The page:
Moreover, the court concedes that once the trial court has mechanically reduced the past arrearage to judgment, the parents are totally free to settle, compromise or entirely forgive that judgment as they see fit. Thus the court does not deny to parties who want to settle the right to do so; it merely requires them to spend additional legal fees, wait more time, and waste valuable judicial resources in the process. The court justifies this exercise as giving the custodial spouse "additional remedies," thus placing him or her "on more equal footing with the obligor" when negotiating a settlement. But those rights are available anyway; the provisions of section 14.41 are automatic to those who wish to use them.
No public policy considerations support the court's strained position. Unlike future child support payments, which are obligations of the noncustodial parent to the child, past due child support payments are owed to the custodial parent as reimbursement for the amounts which have necessarily already been expended for the support of the child. See Maxwell v. Maxwell, 204 S.W.2d 32, 36, 38 (Tex.Civ.App. — Amarillo 1947, writ ref'd n.r.e.) (an action to recover amount expended by wife to support child is treated as an ordinary action for debt). Thus, the custodial parent should have the freedom to settle, release, or waive his or her right to collect this obligation which belongs solely to him or her.
The court cites Adair v. Martin, 595 S.W.2d 513, 515 (Tex. 1980), for the proposition that past due child support "is still more properly characterized as an unfulfilled duty to the child than a 'debt' to the custodial parent." 821 S.W.2d 145. Although we did state that child support arrearage are not characterized as a debt prior to their reduction to judgment, we went on to hold that such arrearage could be reduced to judgment after the death of a parent, which judgment would then constitute a "claim" against the deceased parent's estate. Id. Such a claim would be payable out of the estate just as any other "debt" that accrued prior to the decedent's death. (The Probate Code now expressly provides for the payment of child support arrearage out of the deceased's estate. See Tex.Prob. Code § 37.) This holding suggests that child support arrearage, while not formally "debts," in most cases may be treated in the same way debts are treated.
Most other jurisdictions have drawn a similar distinction between agreements regarding future child support payments and those regarding arrearage. See Lindsey v. Lindsey, 6 Haw. App. 201, 206, 716 P.2d 496, 500 (1986); Andersen v. Andersen, 89 Idaho 551, 557-58, 407 P.2d 304, 307-08 (1965); Rodgers v. Rodgers, 505 S.W.2d 138, 144 (Mo.Ct.App. 1974); Cervantes v. Cervantes, 239 Mo. App. 932, 937-38, 203 S.W.2d 143, 146-47 (1947); Brannock v. Brannock, 104 N.M. 385, 386, 722 P.2d 636, 637 (1986); Kissinger v. Kissinger, 692 P.2d 71, 74 (Okla.App. 1984); Miller v. Miller, 29 Or. App. 723, 727-28, 565 P.2d 382, 385 (1977); Hartman v. Smith, 100 Wn.2d 766, 768, 674 P.2d 176, 178 (1984); see also McCormick v. Collard, 105 Ind. App. 92, 96, 10 N.E.2d 742, 743 (1937) (en banc) (accrued unpaid child support constitutes a debt owed by obligor to person who supported and maintained child during that period); cf. Linton v. Linton, 166 Ind. App. 409, 422, 336 N.E.2d 687, 695 (1975); Larsen v. Larsen, 5 Utah 2d 224, 227, 300 P.2d 596, 598 (1956). Only Goodpasture v. Goodpasture, 7 Va. App. 55, 371 S.E.2d 845 (1988), appears to hold to the contrary. In the other intermediate appellate authority upon which the majority relies, McCool v. State ex rel. State of Tenn., 560 So.2d 772, 774 (Ala.Civ.App. 1990), the court stated that agreements to waive child support arrearage are a nullity, but then held the parties bound by their stipulation to a lesser amount. Thus the actual holding of that case, if not its language, is contrary to our holding today.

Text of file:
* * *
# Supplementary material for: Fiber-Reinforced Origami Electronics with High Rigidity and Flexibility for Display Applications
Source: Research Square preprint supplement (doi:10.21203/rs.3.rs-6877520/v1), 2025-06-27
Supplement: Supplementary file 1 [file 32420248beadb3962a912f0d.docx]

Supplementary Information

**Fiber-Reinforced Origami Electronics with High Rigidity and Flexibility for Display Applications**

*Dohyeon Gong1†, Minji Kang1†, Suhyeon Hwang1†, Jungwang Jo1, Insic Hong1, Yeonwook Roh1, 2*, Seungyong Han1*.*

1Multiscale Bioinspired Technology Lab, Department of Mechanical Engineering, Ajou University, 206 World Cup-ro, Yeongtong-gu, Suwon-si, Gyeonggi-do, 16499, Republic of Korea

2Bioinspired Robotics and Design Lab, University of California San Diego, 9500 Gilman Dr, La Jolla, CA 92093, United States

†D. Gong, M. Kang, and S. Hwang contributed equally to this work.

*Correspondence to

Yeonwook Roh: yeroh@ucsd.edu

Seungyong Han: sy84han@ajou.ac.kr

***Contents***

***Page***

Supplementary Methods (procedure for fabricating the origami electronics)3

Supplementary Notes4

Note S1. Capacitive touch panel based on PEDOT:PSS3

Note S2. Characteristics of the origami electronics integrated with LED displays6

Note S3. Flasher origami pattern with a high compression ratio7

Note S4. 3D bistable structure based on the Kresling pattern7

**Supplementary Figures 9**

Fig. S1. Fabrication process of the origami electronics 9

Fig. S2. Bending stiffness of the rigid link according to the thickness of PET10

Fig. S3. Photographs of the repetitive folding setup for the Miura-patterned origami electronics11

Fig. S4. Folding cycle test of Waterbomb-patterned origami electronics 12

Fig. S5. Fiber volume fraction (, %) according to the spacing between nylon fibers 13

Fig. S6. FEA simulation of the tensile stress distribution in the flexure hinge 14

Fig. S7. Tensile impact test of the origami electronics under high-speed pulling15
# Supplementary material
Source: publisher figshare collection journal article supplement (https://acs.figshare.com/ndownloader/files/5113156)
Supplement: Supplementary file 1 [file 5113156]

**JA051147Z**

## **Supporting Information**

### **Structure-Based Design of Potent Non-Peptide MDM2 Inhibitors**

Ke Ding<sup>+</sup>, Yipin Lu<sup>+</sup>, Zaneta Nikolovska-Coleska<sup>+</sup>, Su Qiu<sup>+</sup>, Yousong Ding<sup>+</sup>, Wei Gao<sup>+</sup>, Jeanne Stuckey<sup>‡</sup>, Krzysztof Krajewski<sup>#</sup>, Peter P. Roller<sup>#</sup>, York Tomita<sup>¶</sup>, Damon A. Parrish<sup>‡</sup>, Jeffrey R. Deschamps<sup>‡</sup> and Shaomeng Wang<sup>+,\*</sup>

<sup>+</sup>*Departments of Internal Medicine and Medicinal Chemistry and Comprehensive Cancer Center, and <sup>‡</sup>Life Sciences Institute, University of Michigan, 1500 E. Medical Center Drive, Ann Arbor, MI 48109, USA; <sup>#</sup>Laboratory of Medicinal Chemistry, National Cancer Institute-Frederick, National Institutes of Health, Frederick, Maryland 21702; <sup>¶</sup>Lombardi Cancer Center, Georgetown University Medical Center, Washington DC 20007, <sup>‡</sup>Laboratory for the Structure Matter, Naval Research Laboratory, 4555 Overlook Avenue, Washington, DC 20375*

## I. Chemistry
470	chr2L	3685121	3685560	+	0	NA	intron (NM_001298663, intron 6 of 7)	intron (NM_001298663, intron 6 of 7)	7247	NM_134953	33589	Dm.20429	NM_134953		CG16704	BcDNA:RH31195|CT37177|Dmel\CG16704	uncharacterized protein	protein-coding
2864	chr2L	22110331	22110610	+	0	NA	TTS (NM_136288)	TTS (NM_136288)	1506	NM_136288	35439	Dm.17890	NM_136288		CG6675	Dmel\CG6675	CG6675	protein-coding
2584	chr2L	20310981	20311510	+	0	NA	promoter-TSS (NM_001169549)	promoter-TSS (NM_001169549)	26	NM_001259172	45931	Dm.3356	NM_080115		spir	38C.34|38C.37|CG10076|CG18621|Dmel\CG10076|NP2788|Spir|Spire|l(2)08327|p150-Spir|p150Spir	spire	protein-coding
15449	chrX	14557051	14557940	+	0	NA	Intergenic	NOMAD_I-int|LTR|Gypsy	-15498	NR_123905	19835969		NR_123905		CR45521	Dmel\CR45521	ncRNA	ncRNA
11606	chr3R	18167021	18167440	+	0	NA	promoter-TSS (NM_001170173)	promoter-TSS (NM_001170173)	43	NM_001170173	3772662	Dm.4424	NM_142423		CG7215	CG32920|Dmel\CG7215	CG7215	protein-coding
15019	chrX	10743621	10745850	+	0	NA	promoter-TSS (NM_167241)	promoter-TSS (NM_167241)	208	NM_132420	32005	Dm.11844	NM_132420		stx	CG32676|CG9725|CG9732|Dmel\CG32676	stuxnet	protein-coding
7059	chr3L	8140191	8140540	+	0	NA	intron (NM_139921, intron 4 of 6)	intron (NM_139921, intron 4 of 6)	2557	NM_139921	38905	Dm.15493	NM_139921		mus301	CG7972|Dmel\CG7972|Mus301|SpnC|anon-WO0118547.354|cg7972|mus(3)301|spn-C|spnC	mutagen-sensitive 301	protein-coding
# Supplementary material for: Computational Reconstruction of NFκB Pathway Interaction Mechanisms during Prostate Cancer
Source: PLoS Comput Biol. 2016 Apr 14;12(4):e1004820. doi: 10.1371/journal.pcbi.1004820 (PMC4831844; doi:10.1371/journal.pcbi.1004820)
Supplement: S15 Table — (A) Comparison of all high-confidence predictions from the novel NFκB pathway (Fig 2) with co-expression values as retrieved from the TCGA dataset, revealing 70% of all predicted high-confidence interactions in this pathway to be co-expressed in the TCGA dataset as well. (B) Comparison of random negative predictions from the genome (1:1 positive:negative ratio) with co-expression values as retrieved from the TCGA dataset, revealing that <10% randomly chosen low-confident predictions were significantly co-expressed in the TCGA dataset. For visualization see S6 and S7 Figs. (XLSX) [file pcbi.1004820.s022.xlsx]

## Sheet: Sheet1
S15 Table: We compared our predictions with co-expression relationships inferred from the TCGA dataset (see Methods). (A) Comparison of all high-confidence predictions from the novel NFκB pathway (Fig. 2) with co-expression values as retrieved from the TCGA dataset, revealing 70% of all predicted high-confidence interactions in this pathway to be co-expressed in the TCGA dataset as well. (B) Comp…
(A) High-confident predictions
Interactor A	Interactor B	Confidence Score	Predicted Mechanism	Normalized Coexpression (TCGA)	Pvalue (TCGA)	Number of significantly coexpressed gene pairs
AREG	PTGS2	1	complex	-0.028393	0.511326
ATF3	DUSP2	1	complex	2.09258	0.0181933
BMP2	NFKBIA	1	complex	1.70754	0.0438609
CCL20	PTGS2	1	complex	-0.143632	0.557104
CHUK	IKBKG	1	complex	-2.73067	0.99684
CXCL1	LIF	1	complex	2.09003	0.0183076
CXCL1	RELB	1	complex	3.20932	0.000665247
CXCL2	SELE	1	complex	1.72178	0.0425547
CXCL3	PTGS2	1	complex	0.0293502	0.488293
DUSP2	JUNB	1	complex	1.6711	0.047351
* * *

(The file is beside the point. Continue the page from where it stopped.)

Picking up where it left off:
The agreement reached by these parties was an accord and satisfaction. An accord is a contract in which parties agree to discharge an existing obligation by means of a lesser payment; satisfaction is the execution of such agreement. Texas P. Ry. Co. v. Poe, 131 Tex. 337, 340, 115 S.W.2d 591, 592 (1938); 1 Tex.Jur.3d Accord and Satisfaction § 1 (1979); see also Jenkins v. Henry C. Beck Co., 449 S.W.2d 454, 455 (Tex. 1969). Evaluating the validity of the settlement and release agreement under general principles applicable to such agreements, I would hold it to be valid. Williams's agreement to pay dramatically increased child support in the future was in my opinion sufficient consideration for Patton's compromise of his past due obligations. While not technically binding on the trial court, a husband's promise not to oppose a near trebling of monthly child support is virtually certain to meet with judicial favor. Williams's agreement to forebear from defending a suit is therefore adequate consideration to support a contract. See Restatement (Second) of Contracts ss 71, 74 (1981); 1 S. Williston, Williston on Contracts § 135B at 585-86 (W. Jaeger ed., 3d ed. 1957); cf. Leonard v. Texaco, Inc., 422 S.W.2d 160, 165 (Tex. 1967) (forbearance from bringing suit constitutes adequate consideration).
In reporting on the court of appeals opinion in this case, one commentator acidly noted:
Isn't this case silly? Rather than the obligor saying "I'll pay you 50% of the back child support and I'm released," he now says "I agree to a judgment for 100%, and after the judgment is signed I'll pay you 50% and the 100% judgment is released." All the court did was add the time and expense of drawing an agreed judgment for the accrued child support.
D. Gray, Comment, 91-1 St. B. of Tex.Fam.L.Sec.Rep. 27 (1991).
Because I agree with these observations, I dissent.
GONZALEZ and HECHT, JJ., join in this dissenting opinion.